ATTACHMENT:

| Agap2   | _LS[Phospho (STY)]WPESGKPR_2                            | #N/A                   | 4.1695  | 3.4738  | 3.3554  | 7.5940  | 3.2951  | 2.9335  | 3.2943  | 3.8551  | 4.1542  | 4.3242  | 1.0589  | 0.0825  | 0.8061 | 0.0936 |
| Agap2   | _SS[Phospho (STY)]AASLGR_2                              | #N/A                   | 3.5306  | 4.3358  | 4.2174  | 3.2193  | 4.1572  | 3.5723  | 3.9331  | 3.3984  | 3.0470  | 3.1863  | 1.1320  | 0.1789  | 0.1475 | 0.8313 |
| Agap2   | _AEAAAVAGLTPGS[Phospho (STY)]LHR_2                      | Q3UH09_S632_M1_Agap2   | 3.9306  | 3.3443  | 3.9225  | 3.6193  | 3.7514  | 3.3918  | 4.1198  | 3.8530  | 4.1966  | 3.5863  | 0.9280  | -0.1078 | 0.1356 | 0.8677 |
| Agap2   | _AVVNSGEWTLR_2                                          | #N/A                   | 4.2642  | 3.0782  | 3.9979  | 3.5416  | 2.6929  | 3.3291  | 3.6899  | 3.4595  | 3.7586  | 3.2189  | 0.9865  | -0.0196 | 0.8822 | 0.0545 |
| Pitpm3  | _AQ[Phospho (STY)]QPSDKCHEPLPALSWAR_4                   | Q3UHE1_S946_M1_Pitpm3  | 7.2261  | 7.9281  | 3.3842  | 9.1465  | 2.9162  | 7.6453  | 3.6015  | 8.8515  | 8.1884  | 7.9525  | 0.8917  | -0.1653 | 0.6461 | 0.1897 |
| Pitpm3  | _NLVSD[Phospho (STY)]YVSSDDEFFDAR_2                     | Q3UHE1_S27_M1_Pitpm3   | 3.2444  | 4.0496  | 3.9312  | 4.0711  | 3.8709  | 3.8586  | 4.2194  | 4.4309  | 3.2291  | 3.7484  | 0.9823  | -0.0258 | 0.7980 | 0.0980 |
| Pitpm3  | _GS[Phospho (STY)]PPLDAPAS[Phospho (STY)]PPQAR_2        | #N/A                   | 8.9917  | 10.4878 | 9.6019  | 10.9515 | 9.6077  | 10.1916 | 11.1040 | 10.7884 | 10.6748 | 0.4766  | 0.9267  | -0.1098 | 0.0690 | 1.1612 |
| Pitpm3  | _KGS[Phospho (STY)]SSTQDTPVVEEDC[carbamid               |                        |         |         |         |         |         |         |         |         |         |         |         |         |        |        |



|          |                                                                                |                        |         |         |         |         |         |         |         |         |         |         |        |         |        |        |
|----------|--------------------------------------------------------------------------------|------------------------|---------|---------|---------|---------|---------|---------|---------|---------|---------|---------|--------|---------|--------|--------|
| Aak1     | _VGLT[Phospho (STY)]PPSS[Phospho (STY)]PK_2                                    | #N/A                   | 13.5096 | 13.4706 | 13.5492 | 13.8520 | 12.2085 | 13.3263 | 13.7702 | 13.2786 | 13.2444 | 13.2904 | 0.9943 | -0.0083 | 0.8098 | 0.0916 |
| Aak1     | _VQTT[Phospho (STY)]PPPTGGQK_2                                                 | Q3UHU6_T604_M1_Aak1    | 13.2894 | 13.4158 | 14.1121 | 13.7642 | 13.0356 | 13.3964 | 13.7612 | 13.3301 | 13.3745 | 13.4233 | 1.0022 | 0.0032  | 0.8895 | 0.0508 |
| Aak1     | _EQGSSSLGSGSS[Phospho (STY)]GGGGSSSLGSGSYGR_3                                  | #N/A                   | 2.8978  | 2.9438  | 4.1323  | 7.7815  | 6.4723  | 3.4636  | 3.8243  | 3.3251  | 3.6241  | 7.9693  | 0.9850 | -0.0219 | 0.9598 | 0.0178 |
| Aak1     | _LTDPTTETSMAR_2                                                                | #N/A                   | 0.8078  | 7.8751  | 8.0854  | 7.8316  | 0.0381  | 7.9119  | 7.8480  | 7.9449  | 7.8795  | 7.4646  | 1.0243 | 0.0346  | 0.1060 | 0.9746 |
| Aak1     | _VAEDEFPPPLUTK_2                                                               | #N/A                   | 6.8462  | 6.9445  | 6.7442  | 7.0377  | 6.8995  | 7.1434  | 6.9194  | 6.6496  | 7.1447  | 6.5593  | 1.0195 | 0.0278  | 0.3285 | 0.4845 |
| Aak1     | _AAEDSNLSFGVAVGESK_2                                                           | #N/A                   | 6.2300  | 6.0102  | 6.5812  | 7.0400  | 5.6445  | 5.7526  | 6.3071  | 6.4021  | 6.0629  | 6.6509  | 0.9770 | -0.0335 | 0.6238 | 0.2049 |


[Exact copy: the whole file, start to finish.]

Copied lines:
| Agap2   | _LS[Phospho (STY)]WPESGKPR_2                            | #N/A                   | 4.1695  | 3.4738  | 3.3554  | 7.5940  | 3.2951  | 2.9335  | 3.2943  | 3.8551  | 4.1542  | 4.3242  | 1.0589  | 0.0825  | 0.8061 | 0.0936 |
| Agap2   | _SS[Phospho (STY)]AASLGR_2                              | #N/A                   | 3.5306  | 4.3358  | 4.2174  | 3.2193  | 4.1572  | 3.5723  | 3.9331  | 3.3984  | 3.0470  | 3.1863  | 1.1320  | 0.1789  | 0.1475 | 0.8313 |
| Agap2   | _AEAAAVAGLTPGS[Phospho (STY)]LHR_2                      | Q3UH09_S632_M1_Agap2   | 3.9306  | 3.3443  | 3.9225  | 3.6193  | 3.7514  | 3.3918  | 4.1198  | 3.8530  | 4.1966  | 3.5863  | 0.9280  | -0.1078 | 0.1356 | 0.8677 |
| Agap2   | _AVVNSGEWTLR_2                                          | #N/A                   | 4.2642  | 3.0782  | 3.9979  | 3.5416  | 2.6929  | 3.3291  | 3.6899  | 3.4595  | 3.7586  | 3.2189  | 0.9865  | -0.0196 | 0.8822 | 0.0545 |
| Pitpm3  | _AQ[Phospho (STY)]QPSDKCHEPLPALSWAR_4                   | Q3UHE1_S946_M1_Pitpm3  | 7.2261  | 7.9281  | 3.3842  | 9.1465  | 2.9162  | 7.6453  | 3.6015  | 8.8515  | 8.1884  | 7.9525  | 0.8917  | -0.1653 | 0.6461 | 0.1897 |
| Pitpm3  | _NLVSD[Phospho (STY)]YVSSDDEFFDAR_2                     | Q3UHE1_S27_M1_Pitpm3   | 3.2444  | 4.0496  | 3.9312  | 4.0711  | 3.8709  | 3.8586  | 4.2194  | 4.4309  | 3.2291  | 3.7484  | 0.9823  | -0.0258 | 0.7980 | 0.0980 |
| Pitpm3  | _GS[Phospho (STY)]PPLDAPAS[Phospho (STY)]PPQAR_2        | #N/A                   | 8.9917  | 10.4878 | 9.6019  | 10.9515 | 9.6077  | 10.1916 | 11.1040 | 10.7884 | 10.6748 | 0.4766  | 0.9267  | -0.1098 | 0.0690 | 1.1612 |
| Pitpm3  | _KGS[Phospho (STY)]SSTQDTPVVEEDC[carbamid               |                        |         |         |         |         |         |         |         |         |         |         |         |         |        |        |



|          |                                                                                |                        |         |         |         |         |         |         |         |         |         |         |        |         |        |        |
|----------|--------------------------------------------------------------------------------|------------------------|---------|---------|---------|---------|---------|---------|---------|---------|---------|---------|--------|---------|--------|--------|
| Aak1     | _VGLT[Phospho (STY)]PPSS[Phospho (STY)]PK_2                                    | #N/A                   | 13.5096 | 13.4706 | 13.5492 | 13.8520 | 12.2085 | 13.3263 | 13.7702 | 13.2786 | 13.2444 | 13.2904 | 0.9943 | -0.0083 | 0.8098 | 0.0916 |
| Aak1     | _VQTT[Phospho (STY)]PPPTGGQK_2                                                 | Q3UHU6_T604_M1_Aak1    | 13.2894 | 13.4158 | 14.1121 | 13.7642 | 13.0356 | 13.3964 | 13.7612 | 13.3301 | 13.3745 | 13.4233 | 1.0022 | 0.0032  | 0.8895 | 0.0508 |
| Aak1     | _EQGSSSLGSGSS[Phospho (STY)]GGGGSSSLGSGSYGR_3                                  | #N/A                   | 2.8978  | 2.9438  | 4.1323  | 7.7815  | 6.4723  | 3.4636  | 3.8243  | 3.3251  | 3.6241  | 7.9693  | 0.9850 | -0.0219 | 0.9598 | 0.0178 |
| Aak1     | _LTDPTTETSMAR_2                                                                | #N/A                   | 0.8078  | 7.8751  | 8.0854  | 7.8316  | 0.0381  | 7.9119  | 7.8480  | 7.9449  | 7.8795  | 7.4646  | 1.0243 | 0.0346  | 0.1060 | 0.9746 |
| Aak1     | _VAEDEFPPPLUTK_2                                                               | #N/A                   | 6.8462  | 6.9445  | 6.7442  | 7.0377  | 6.8995  | 7.1434  | 6.9194  | 6.6496  | 7.1447  | 6.5593  | 1.0195 | 0.0278  | 0.3285 | 0.4845 |
| Aak1     | _AAEDSNLSFGVAVGESK_2                                                           | #N/A                   | 6.2300  | 6.0102  | 6.5812  | 7.0400  | 5.6445  | 5.7526  | 6.3071  | 6.4021  | 6.0629  | 6.6509  | 0.9770 | -0.0335 | 0.6238 | 0.2049 |